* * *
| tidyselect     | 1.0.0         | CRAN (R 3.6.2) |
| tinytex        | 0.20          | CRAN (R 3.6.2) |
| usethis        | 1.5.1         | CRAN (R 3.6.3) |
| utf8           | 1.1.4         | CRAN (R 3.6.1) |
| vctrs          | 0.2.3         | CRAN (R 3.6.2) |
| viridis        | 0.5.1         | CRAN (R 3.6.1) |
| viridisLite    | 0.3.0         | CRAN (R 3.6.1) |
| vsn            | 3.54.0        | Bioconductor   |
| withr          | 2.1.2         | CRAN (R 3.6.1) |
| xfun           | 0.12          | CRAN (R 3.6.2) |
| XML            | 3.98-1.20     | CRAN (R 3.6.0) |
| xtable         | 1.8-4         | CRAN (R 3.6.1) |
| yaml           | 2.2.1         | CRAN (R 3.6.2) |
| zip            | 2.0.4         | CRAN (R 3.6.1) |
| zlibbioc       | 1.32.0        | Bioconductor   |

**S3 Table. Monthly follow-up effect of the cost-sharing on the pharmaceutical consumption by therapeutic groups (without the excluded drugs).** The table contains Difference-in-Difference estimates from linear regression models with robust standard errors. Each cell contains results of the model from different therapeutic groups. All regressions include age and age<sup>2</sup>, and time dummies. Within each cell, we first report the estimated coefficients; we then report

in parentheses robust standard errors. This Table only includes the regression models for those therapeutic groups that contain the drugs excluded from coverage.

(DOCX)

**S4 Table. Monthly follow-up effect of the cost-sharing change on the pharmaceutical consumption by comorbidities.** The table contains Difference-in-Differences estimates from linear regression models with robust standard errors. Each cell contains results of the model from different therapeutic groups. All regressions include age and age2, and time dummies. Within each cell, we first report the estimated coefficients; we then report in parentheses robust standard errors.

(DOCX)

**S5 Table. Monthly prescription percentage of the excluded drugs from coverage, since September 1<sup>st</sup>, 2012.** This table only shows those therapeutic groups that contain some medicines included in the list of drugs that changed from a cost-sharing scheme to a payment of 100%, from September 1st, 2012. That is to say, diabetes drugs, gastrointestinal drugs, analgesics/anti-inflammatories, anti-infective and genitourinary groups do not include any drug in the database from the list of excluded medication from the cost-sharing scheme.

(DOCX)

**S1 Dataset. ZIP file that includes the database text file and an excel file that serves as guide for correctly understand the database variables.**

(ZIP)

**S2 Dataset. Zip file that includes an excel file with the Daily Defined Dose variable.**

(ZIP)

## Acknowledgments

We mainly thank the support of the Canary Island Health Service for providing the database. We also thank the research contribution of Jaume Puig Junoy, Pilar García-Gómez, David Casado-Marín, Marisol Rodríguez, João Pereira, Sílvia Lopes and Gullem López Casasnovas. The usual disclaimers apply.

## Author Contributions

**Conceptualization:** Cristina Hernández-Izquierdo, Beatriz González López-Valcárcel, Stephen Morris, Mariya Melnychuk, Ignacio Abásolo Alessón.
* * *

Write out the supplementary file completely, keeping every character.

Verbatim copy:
| tidyselect     | 1.0.0         | CRAN (R 3.6.2) |
| tinytex        | 0.20          | CRAN (R 3.6.2) |
| usethis        | 1.5.1         | CRAN (R 3.6.3) |
| utf8           | 1.1.4         | CRAN (R 3.6.1) |
| vctrs          | 0.2.3         | CRAN (R 3.6.2) |
| viridis        | 0.5.1         | CRAN (R 3.6.1) |
| viridisLite    | 0.3.0         | CRAN (R 3.6.1) |
| vsn            | 3.54.0        | Bioconductor   |
| withr          | 2.1.2         | CRAN (R 3.6.1) |
| xfun           | 0.12          | CRAN (R 3.6.2) |
| XML            | 3.98-1.20     | CRAN (R 3.6.0) |
| xtable         | 1.8-4         | CRAN (R 3.6.1) |
| yaml           | 2.2.1         | CRAN (R 3.6.2) |
| zip            | 2.0.4         | CRAN (R 3.6.1) |
| zlibbioc       | 1.32.0        | Bioconductor   |

**S3 Table. Monthly follow-up effect of the cost-sharing on the pharmaceutical consumption by therapeutic groups (without the excluded drugs).** The table contains Difference-in-Difference estimates from linear regression models with robust standard errors. Each cell contains results of the model from different therapeutic groups. All regressions include age and age<sup>2</sup>, and time dummies. Within each cell, we first report the estimated coefficients; we then report

in parentheses robust standard errors. This Table only includes the regression models for those therapeutic groups that contain the drugs excluded from coverage.

(DOCX)

**S4 Table. Monthly follow-up effect of the cost-sharing change on the pharmaceutical consumption by comorbidities.** The table contains Difference-in-Differences estimates from linear regression models with robust standard errors. Each cell contains results of the model from different therapeutic groups. All regressions include age and age2, and time dummies. Within each cell, we first report the estimated coefficients; we then report in parentheses robust standard errors.

(DOCX)

**S5 Table. Monthly prescription percentage of the excluded drugs from coverage, since September 1<sup>st</sup>, 2012.** This table only shows those therapeutic groups that contain some medicines included in the list of drugs that changed from a cost-sharing scheme to a payment of 100%, from September 1st, 2012. That is to say, diabetes drugs, gastrointestinal drugs, analgesics/anti-inflammatories, anti-infective and genitourinary groups do not include any drug in the database from the list of excluded medication from the cost-sharing scheme.

(DOCX)

**S1 Dataset. ZIP file that includes the database text file and an excel file that serves as guide for correctly understand the database variables.**

(ZIP)

**S2 Dataset. Zip file that includes an excel file with the Daily Defined Dose variable.**

(ZIP)

## Acknowledgments

We mainly thank the support of the Canary Island Health Service for providing the database. We also thank the research contribution of Jaume Puig Junoy, Pilar García-Gómez, David Casado-Marín, Marisol Rodríguez, João Pereira, Sílvia Lopes and Gullem López Casasnovas. The usual disclaimers apply.

## Author Contributions

**Conceptualization:** Cristina Hernández-Izquierdo, Beatriz González López-Valcárcel, Stephen Morris, Mariya Melnychuk, Ignacio Abásolo Alessón.